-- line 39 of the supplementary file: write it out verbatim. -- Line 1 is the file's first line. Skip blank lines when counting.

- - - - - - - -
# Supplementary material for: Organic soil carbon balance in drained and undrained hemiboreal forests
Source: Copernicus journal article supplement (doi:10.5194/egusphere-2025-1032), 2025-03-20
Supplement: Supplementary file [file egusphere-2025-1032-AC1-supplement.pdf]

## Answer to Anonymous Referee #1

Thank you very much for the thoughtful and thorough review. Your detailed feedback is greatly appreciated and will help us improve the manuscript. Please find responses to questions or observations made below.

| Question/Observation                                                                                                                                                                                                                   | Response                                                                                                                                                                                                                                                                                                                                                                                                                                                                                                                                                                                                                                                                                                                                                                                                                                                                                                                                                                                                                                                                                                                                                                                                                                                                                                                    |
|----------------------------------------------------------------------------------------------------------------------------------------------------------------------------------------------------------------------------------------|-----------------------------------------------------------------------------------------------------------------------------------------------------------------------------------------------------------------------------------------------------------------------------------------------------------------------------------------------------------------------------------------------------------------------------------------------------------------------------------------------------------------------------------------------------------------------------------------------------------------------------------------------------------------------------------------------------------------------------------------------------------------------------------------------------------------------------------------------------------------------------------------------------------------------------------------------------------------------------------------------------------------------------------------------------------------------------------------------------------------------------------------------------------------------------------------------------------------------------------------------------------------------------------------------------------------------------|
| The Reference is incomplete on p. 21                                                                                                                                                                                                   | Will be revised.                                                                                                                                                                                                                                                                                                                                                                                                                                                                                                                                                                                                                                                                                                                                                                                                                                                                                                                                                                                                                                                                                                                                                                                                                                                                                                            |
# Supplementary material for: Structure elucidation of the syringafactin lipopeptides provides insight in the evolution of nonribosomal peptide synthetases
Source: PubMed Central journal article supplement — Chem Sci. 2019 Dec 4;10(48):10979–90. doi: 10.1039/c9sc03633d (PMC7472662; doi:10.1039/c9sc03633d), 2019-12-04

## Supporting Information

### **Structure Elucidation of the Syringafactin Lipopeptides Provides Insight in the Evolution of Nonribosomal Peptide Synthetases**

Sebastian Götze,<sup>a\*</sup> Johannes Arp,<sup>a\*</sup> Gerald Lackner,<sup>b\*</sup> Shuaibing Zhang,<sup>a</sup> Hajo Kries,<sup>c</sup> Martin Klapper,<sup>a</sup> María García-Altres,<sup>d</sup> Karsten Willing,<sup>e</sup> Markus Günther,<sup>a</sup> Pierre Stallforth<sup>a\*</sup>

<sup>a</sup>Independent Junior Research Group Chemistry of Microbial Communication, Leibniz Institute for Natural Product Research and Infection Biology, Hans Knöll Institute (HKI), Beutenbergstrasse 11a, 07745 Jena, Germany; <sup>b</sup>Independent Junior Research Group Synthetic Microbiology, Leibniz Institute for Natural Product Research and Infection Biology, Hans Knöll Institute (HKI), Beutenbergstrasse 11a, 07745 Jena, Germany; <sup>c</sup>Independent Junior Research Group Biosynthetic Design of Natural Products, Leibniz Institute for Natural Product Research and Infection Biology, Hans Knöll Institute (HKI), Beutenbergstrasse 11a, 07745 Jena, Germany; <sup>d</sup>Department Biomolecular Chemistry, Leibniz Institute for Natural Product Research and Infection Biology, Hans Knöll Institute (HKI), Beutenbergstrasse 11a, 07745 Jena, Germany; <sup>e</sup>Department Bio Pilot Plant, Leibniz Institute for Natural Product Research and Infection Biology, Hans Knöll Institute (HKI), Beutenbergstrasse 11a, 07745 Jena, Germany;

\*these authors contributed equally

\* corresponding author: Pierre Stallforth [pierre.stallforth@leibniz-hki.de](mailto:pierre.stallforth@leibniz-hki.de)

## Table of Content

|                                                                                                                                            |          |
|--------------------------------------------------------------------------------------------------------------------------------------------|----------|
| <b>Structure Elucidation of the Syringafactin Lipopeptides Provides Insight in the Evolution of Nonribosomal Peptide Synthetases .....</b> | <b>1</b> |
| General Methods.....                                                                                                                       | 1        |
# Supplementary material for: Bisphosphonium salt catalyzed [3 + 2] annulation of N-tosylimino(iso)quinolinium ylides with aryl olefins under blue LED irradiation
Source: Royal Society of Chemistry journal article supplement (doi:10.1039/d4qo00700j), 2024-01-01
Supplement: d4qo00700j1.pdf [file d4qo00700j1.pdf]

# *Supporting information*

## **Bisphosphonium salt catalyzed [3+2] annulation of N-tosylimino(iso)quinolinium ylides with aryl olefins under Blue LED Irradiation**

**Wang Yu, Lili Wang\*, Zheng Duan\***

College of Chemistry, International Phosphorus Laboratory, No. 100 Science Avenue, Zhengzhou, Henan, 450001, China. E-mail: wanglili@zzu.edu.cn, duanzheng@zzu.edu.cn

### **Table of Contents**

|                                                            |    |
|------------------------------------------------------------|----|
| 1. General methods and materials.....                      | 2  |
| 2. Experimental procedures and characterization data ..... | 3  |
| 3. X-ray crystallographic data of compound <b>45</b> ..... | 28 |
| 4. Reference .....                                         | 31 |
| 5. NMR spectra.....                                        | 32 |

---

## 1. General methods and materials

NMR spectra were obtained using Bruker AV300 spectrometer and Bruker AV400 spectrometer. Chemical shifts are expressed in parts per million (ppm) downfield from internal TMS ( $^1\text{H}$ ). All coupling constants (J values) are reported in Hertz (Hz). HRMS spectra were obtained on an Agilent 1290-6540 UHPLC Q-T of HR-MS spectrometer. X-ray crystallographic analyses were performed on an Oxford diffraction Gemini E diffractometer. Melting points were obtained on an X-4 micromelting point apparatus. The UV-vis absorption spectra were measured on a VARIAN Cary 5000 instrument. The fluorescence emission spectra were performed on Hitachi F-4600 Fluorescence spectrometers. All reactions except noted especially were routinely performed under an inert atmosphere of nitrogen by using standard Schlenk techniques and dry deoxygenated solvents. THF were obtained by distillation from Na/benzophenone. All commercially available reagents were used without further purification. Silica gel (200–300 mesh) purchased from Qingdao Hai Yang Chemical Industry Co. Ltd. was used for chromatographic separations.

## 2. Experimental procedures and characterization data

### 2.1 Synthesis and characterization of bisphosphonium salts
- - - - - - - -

NMR spectra were obtained using Bruker AV300 spectrometer and Bruker AV400 spectrometer. Chemical shifts are expressed in parts per million (ppm) downfield from internal TMS ( $^1\text{H}$ ). All coupling constants (J values) are reported in Hertz (Hz). HRMS spectra were obtained on an Agilent 1290-6540 UHPLC Q-T of HR-MS spectrometer. X-ray crystallographic analyses were performed on an Oxford diffraction Gemini E diffractometer. Melting points were obtained on an X-4 micromelting point apparatus. The UV-vis absorption spectra were measured on a VARIAN Cary 5000 instrument. The fluorescence emission spectra were performed on Hitachi F-4600 Fluorescence spectrometers. All reactions except noted especially were routinely performed under an inert atmosphere of nitrogen by using standard Schlenk techniques and dry deoxygenated solvents. THF were obtained by distillation from Na/benzophenone. All commercially available reagents were used without further purification. Silica gel (200–300 mesh) purchased from Qingdao Hai Yang Chemical Industry Co. Ltd. was used for chromatographic separations.